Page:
26. Having reached the conclusion that this would involve no risk of harm to the children, he directed that they should return to Unites States, without merits of the case having been investigated in England. The decision of the learned Judge was upheld by the Court of Appeal in judgment reported in (1966) 1 ALL England Law Reports 886.
27. Harman LJ, after saying that the Judge would have had jurisdiction to have gone into the merits of the dispute, had he thought fit to do so, observed; at page 892 as under:-
?If he chose, however, to take the course which the judge here took in the interests of the children, as he thought, of sending them back to the United States with no more inquiry into the matter than to ensure, so far as he could, that there was no danger to their moral or physical health in taking that course, I am of opinion that he was amply justified, and that that was the right way in which to approach the issue.?
28. These cases were considered in Re L (Minors), (1974) All England Law Reports 913. Buckley L.J., observed that there was nothing in the decision of Re H (Infants) to indicate that where a judge thinks proper to make what he called a summary order directing the return of a child to a foreign jurisdiction without a full investigation of the merits, he should not regard the welfare of the child as first and paramount consideration. On the contrary, in the learned Judge?s opinion, all the judgments in that case indicated that judges considered that the circumstances of the case were such that a summary order had been in the best interest of the children.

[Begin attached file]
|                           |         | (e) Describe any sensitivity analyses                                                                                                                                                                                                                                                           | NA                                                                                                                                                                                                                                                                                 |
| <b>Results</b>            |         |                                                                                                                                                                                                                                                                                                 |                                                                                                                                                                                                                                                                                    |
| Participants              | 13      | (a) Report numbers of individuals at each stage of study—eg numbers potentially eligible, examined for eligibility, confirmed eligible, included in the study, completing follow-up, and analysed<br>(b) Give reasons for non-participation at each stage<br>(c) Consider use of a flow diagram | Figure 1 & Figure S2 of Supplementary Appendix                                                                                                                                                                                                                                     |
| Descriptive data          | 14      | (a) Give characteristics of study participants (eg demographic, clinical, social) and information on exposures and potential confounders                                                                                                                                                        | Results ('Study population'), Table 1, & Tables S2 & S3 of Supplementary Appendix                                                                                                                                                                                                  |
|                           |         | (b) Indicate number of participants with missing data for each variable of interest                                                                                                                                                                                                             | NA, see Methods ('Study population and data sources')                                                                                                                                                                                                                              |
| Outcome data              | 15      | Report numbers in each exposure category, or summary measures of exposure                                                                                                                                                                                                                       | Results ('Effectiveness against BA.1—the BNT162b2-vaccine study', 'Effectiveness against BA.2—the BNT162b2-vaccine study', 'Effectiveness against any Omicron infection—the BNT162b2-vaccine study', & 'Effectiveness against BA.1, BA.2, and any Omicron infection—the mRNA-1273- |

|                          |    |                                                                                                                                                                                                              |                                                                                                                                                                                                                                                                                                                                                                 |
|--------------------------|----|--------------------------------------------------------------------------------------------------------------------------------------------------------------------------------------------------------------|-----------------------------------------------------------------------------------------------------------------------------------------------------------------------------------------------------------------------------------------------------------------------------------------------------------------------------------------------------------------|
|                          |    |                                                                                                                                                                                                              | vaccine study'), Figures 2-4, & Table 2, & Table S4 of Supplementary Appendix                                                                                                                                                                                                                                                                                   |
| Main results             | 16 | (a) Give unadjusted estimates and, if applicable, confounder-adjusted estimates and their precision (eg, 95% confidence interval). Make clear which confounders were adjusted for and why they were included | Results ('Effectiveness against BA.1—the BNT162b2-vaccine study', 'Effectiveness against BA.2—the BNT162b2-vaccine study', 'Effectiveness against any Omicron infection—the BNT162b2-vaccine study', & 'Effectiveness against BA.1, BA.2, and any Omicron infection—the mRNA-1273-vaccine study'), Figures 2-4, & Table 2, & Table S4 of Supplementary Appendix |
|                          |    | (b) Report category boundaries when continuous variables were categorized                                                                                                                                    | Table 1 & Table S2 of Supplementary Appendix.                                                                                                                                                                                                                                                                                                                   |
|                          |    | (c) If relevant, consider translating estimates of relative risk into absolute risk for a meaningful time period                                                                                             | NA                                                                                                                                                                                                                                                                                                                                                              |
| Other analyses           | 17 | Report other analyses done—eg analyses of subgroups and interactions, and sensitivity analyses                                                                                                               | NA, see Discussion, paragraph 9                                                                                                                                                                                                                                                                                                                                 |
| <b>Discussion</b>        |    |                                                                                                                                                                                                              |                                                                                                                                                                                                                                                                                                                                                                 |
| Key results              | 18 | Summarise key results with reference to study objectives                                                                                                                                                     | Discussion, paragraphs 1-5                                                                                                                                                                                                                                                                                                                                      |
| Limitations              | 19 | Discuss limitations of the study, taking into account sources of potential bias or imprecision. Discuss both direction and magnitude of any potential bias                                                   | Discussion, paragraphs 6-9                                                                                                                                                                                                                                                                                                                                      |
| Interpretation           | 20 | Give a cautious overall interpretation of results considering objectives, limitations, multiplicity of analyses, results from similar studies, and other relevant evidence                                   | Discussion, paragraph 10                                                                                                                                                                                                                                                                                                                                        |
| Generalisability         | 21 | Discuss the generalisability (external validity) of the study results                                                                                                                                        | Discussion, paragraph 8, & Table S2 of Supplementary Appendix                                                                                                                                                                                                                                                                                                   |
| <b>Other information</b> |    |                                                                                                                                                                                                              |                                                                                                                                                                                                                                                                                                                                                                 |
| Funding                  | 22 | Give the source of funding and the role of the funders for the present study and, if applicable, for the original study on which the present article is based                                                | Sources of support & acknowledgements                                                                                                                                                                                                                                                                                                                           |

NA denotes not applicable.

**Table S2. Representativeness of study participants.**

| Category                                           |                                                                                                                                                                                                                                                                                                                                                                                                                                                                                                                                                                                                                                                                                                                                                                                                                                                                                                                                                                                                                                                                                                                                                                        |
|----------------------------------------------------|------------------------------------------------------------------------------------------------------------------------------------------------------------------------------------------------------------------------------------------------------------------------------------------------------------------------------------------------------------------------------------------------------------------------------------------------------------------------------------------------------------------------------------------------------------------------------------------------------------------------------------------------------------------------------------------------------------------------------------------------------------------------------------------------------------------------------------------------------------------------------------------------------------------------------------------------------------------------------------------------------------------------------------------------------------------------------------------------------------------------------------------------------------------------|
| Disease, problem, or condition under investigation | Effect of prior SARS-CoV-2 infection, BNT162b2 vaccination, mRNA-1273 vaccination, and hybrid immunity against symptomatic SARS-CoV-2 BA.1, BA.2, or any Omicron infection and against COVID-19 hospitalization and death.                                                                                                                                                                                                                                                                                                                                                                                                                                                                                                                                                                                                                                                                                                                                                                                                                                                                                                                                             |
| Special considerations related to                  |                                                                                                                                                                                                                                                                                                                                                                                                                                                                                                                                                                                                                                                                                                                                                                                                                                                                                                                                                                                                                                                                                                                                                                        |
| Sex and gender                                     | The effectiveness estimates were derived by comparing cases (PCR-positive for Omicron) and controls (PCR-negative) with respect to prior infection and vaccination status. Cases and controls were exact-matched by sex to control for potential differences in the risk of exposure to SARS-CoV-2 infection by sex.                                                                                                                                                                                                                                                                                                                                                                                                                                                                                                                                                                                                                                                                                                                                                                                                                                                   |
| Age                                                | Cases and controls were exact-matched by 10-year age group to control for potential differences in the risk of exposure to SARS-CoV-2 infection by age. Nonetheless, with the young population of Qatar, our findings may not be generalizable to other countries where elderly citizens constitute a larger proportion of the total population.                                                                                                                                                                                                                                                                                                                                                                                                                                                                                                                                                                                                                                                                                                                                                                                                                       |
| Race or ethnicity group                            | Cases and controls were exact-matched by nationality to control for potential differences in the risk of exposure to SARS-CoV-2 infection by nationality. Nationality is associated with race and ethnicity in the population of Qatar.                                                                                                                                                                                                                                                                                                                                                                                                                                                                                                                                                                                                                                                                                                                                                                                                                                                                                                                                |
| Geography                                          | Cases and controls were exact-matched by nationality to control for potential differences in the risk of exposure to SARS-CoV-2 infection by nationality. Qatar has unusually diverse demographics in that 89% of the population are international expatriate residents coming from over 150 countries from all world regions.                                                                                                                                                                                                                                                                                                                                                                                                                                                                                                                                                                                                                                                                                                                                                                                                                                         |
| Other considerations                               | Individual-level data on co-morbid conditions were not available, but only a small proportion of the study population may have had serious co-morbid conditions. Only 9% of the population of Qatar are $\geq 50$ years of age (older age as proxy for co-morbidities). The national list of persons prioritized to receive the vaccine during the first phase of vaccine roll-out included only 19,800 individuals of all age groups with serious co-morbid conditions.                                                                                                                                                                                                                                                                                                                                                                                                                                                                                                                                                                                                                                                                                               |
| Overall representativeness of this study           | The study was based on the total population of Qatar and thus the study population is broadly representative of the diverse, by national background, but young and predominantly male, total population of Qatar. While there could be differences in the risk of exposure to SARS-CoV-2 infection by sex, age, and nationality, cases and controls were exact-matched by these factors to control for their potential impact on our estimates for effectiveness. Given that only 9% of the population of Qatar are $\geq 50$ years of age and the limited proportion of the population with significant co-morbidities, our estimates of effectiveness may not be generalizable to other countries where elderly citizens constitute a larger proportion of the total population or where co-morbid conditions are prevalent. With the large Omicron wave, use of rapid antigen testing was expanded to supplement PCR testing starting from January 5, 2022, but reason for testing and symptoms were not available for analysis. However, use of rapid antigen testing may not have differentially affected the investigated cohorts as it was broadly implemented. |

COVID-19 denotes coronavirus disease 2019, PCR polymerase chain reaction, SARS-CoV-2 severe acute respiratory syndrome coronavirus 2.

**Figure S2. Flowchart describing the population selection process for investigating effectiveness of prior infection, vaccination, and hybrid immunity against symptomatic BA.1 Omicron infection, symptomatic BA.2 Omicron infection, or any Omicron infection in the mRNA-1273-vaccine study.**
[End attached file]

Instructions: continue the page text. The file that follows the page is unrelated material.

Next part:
29. Thus, the case of Re H (Infants) there was no trial conducted and the summary jurisdiction was exercised. In Re E(Infants), (1967) 1 ALL England Law Reports 329, the said case also related to the child of American parents residents in the United States. They had been divorced and in March, 1962 in the contested proceedings, the father was awarded custody of the child. He was killed in a motor accident in December, 1965 and thereupon his sister who had married with Englishman and was resident in England, immediately traveled to US to bring the child back with her to England. On January 3, 1966 an American court ordered that the custody of the ward be delivered to her maternal grandmother, but, on January 6, the father?s sister succeeded in removing the child from US before that order had been served on her. On January 10, the American court made an order granting custody temporarily to the child?s mother. As soon as she was able the mother followed the child to England, whereupon the father?s sister started proceedings making the child a ward of court. This came in due course before Cross J. who considered that there were special circumstances which obliged him to order that the child should remain in England and continue to be brought up in England in the care of her aunt. The learned Judge considered the merits of the claims of both mother and aunt and after trial ordered that custody be given to aunt. The said decision was affirmed by the Court of Appeal in the judgment reported in 1967 (2) ALL England Law Reports 881.